Sunday, October 29, 2017

Frogs in Two Places

I recently finished reading Desert Solitaire, by Edward Abbey, which was published in 1968. The book caused a bit of a controversial stir when it was published, as did other Abbey works. I found myself captivated by this book, sucked in by Abbey's poetic and emotional descriptions of the desert outside Moab, Utah. His willingness to immerse himself in the landscape, and his ability to observe it in detail combine with his passionate opinions on how to conserve our natural resources. The result is quite an enjoyable trip into Edward Abbey's desert.

Here is a small sample:

It’s a strange, stirring, but not uncommon thing to come on a pool at night, after an evening of thunder and lightning and a bit of rainfall, and see the frogs clinging to the edge of their impermanent pond, bodies immersed in water but heads out, all croaking away in tricky counterpoint. They are windbags: with each croak the pouch under the frog’s chin swells like a bubble, then collapses.

Why do they sing? What do they have to sing about? Somewhat apart from one another, separated by roughly equal distances, facing outward from the water, they clank and croak all through the night with tireless perseverance. . . .*

 Here's a funny thing. Reading that description of frogs croaked immediately brought to mind my summer vacation. John and I traveled to Bogue Chitto State Park in Louisiana and stayed at a wonderful cabin. We were serenaded ALL DAY EVERY DAY by these friends:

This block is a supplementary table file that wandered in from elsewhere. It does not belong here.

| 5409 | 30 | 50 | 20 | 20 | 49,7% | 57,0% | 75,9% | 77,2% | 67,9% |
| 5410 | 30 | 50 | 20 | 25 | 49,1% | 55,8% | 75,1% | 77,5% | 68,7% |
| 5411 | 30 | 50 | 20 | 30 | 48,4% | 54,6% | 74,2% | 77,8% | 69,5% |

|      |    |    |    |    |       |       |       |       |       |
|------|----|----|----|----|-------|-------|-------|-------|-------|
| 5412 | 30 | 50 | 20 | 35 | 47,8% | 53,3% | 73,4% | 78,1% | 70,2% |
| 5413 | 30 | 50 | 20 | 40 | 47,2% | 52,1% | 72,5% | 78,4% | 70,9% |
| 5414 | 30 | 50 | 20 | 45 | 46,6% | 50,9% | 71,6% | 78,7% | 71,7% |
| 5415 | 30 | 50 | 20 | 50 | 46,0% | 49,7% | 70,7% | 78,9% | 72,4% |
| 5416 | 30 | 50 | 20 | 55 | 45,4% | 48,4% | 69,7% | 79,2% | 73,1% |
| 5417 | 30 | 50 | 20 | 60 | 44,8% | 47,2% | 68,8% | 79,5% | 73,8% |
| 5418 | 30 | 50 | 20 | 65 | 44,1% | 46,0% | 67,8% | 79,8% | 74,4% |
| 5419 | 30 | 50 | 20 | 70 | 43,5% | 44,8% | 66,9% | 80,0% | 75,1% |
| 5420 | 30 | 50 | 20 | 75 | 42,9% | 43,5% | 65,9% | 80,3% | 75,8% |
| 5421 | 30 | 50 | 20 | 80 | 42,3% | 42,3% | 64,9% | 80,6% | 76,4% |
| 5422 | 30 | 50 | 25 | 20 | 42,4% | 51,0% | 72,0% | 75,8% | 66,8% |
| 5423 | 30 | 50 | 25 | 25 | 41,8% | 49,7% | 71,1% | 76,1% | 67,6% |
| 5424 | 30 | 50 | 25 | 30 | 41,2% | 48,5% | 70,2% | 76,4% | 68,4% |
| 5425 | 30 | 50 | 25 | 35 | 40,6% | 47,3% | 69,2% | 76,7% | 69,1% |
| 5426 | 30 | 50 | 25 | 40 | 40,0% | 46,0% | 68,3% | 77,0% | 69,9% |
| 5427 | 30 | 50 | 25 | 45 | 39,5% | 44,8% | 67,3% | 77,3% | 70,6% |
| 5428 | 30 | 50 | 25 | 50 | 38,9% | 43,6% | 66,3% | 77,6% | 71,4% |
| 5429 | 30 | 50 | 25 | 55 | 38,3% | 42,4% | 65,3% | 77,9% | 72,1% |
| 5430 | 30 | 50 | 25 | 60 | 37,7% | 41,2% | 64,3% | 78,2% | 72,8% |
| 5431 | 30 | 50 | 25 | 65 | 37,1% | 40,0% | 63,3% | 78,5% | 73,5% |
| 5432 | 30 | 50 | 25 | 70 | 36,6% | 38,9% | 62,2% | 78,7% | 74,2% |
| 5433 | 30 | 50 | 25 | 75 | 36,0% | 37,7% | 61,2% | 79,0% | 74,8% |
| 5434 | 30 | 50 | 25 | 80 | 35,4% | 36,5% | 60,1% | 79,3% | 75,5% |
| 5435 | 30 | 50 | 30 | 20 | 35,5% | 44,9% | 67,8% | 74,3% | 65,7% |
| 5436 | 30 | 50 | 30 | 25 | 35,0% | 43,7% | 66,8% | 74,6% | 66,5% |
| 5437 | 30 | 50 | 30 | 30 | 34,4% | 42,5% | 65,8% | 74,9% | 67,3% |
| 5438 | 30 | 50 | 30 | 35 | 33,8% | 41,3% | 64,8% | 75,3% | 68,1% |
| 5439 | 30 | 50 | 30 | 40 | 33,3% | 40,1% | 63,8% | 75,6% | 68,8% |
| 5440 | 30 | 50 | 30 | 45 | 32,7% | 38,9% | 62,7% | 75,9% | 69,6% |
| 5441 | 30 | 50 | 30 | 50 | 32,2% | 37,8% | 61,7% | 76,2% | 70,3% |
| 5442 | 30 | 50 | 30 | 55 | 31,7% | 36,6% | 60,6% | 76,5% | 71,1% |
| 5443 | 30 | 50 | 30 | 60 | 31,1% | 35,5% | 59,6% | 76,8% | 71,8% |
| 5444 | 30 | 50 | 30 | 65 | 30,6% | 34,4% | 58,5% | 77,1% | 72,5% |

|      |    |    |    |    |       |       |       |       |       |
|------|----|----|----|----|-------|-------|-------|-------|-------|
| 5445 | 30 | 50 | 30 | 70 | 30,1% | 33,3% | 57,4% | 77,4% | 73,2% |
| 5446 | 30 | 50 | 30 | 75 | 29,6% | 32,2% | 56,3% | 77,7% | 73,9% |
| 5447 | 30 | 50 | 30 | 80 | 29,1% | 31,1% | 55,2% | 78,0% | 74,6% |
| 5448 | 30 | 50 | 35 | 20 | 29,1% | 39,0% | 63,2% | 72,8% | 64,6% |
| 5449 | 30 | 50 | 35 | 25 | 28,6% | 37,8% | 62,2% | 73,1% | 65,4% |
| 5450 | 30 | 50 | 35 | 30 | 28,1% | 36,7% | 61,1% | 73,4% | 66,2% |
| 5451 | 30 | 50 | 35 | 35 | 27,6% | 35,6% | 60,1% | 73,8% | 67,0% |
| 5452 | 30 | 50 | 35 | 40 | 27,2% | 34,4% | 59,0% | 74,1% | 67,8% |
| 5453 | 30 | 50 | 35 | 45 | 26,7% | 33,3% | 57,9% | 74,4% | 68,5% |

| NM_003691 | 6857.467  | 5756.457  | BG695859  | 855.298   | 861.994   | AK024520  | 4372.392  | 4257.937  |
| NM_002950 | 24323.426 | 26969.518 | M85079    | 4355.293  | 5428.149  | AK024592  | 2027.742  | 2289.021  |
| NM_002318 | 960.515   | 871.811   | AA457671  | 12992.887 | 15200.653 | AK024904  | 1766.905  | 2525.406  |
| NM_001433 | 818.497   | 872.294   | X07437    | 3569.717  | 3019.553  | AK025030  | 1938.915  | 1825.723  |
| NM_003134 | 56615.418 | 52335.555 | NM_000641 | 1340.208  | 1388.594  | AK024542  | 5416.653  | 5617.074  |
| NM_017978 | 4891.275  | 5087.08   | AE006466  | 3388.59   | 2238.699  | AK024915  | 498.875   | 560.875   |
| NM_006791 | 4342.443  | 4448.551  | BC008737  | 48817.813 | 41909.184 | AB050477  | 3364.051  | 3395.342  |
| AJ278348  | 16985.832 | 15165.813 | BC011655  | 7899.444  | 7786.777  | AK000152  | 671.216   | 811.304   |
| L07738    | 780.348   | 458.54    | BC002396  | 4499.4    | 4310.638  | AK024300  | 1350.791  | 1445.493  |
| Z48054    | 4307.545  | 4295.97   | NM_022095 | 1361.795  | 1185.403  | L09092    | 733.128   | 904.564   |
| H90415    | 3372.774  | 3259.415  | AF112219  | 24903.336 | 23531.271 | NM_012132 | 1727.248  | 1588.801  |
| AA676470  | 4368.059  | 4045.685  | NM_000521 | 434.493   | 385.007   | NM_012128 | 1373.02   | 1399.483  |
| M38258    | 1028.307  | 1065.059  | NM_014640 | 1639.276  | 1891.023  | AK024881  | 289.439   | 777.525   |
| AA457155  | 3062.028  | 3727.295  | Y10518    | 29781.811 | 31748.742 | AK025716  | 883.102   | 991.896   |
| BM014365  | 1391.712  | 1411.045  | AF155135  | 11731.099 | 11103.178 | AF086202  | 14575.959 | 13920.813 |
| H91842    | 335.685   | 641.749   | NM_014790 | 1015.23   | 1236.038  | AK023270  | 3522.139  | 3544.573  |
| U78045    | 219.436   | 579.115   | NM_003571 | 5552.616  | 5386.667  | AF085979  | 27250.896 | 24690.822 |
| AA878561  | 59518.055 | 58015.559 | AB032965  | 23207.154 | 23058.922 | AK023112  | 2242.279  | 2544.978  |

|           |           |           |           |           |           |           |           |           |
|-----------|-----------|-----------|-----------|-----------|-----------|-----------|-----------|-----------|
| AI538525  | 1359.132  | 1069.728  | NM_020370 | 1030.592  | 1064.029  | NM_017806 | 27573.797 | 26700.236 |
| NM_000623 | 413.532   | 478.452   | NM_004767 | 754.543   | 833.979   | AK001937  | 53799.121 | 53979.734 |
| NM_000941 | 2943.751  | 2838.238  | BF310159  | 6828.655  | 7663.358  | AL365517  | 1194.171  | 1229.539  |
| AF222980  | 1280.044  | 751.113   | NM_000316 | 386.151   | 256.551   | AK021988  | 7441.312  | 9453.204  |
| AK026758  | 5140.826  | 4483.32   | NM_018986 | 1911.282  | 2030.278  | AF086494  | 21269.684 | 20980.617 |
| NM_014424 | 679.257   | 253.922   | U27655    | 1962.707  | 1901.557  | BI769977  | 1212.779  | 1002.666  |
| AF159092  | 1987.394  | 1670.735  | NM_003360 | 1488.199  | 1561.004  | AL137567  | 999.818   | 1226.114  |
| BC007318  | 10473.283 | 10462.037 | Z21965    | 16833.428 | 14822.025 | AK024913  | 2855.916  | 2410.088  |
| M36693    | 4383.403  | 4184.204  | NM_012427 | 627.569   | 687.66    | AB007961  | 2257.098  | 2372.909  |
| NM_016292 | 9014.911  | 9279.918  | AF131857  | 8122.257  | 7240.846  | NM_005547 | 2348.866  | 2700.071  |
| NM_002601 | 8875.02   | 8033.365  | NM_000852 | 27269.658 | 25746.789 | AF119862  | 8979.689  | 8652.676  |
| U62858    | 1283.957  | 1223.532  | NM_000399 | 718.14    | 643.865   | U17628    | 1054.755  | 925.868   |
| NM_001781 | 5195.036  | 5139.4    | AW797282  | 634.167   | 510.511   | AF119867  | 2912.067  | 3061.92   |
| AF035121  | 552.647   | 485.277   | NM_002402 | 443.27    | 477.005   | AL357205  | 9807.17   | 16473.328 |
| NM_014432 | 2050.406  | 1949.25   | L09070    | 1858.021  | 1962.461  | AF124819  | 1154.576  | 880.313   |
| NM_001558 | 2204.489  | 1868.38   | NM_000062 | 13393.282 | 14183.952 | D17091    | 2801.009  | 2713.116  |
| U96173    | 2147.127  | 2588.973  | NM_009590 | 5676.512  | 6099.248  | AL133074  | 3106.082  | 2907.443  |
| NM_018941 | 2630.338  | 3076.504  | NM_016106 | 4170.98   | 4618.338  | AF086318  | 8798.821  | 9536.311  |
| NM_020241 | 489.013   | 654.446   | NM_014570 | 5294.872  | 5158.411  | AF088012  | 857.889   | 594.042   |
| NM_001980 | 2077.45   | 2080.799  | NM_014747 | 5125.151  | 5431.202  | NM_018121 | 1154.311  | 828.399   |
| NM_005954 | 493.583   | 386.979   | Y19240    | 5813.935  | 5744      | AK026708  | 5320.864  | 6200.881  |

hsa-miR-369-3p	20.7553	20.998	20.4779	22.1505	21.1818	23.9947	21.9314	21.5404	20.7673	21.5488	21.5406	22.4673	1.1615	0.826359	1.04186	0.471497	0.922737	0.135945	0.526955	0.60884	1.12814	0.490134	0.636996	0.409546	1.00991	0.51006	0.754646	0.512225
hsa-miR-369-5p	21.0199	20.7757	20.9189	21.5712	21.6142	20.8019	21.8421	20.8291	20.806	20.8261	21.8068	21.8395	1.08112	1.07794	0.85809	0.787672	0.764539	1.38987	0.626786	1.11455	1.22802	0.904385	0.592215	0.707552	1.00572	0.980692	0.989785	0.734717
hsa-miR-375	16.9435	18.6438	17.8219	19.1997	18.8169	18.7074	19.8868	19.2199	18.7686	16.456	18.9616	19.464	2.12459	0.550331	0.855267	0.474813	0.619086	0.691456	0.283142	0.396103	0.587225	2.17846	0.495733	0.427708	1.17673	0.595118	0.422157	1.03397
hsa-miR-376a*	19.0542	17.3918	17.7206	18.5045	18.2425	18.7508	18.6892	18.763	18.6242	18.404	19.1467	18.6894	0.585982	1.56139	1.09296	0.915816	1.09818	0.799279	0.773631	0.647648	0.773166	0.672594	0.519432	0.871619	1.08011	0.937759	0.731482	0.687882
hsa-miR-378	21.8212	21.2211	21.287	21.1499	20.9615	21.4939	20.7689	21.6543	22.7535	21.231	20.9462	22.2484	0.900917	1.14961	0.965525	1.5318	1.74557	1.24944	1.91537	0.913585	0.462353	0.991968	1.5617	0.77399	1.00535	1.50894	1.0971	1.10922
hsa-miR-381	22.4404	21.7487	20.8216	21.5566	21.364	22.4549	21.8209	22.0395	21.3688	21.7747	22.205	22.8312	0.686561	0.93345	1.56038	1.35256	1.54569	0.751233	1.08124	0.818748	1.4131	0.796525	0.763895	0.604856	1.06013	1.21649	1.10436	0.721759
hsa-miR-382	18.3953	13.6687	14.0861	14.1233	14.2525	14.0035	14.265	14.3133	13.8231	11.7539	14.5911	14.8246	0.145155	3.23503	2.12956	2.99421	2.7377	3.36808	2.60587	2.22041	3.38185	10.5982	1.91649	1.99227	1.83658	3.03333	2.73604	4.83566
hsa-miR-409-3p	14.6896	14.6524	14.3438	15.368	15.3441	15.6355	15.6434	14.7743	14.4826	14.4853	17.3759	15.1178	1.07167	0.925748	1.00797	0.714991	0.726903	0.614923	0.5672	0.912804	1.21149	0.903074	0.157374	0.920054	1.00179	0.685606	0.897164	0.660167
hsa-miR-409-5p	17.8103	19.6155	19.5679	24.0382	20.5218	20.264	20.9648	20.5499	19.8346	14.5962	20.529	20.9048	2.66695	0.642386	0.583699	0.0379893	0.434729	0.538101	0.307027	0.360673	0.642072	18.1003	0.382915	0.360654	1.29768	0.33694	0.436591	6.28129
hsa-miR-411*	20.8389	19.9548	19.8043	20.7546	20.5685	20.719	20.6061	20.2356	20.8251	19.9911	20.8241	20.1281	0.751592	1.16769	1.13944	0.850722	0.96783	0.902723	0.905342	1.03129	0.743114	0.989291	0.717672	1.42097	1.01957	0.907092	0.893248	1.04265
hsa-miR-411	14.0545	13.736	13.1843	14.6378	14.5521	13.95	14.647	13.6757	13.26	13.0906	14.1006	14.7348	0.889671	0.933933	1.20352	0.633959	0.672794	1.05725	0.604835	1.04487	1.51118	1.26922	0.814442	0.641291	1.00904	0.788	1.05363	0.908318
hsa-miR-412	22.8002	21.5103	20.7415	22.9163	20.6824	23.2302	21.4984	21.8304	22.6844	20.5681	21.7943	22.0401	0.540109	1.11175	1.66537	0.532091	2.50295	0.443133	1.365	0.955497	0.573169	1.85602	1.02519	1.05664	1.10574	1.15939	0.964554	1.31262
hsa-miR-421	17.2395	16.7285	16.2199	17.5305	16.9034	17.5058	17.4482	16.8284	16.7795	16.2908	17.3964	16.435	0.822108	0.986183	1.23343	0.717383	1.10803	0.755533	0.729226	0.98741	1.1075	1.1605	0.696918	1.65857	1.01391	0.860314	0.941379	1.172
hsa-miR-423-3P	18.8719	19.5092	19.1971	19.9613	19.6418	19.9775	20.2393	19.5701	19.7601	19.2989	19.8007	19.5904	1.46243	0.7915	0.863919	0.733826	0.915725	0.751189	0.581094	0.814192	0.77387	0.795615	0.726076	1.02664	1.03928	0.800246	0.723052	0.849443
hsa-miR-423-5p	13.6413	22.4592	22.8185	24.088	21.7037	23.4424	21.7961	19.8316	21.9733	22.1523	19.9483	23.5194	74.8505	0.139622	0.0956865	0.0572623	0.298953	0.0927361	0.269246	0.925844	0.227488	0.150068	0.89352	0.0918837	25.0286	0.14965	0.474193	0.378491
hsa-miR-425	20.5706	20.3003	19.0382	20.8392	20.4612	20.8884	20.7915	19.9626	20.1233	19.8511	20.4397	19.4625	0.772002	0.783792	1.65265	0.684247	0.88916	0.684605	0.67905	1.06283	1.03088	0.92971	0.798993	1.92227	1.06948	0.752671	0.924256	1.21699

And so I am reminded yet again of the thread of commonality that binds us all to everything at all times. Frogs in the desert. Frogs in the swamp. Frogs in two places at the same time.

I even wrote a poem about it.

Swamp Visit

Bogue Chitto. Sand bars, rocky ones,
and an unexpected boardwalk over a bog.
Moss and persistent frogs, their echoing voices
clanking back and forth, one here, one there.
A heavy humidity, hot, dense,
so the AC is like a punch across your face
as you step inside the cabin. On vacation.

I have a couple more quotes from the Abbey book to share. Looking forward to ending this small series with one of his righteous rants!

*Desert Solitaire, copyright 1968, Edward Abbey, Touchstone/Simon & Schuster

Sunday, October 1, 2017

We Are Off to the Fair!

It's early October and that means it's time for the Coosa Valley Fair! This year I'm doing something I've never done before. I'm entering several bonsais in the Flower Show!

Thought I'd take a bit of time this morning and show you what I'm entering. Plus, it's a good time for a Topiary Family update--with the introduction of its newest member.

Going to the show: A dwarf hinoki cypress, variegated.

A procumbens juniper.

 And! A thimble cactus!

 That's the thimble cactus, lower left.

Which brings us to the Topiary Family update.

 Clockwise from upper left: Vivienne, Tica (looking sad; this is not her time of year!), T-Rex, Paulette (suffering from an infestation of lace bugs. Johntheplantman says the time to take care of that is in the early spring.), and finally Babylonia the boxwood.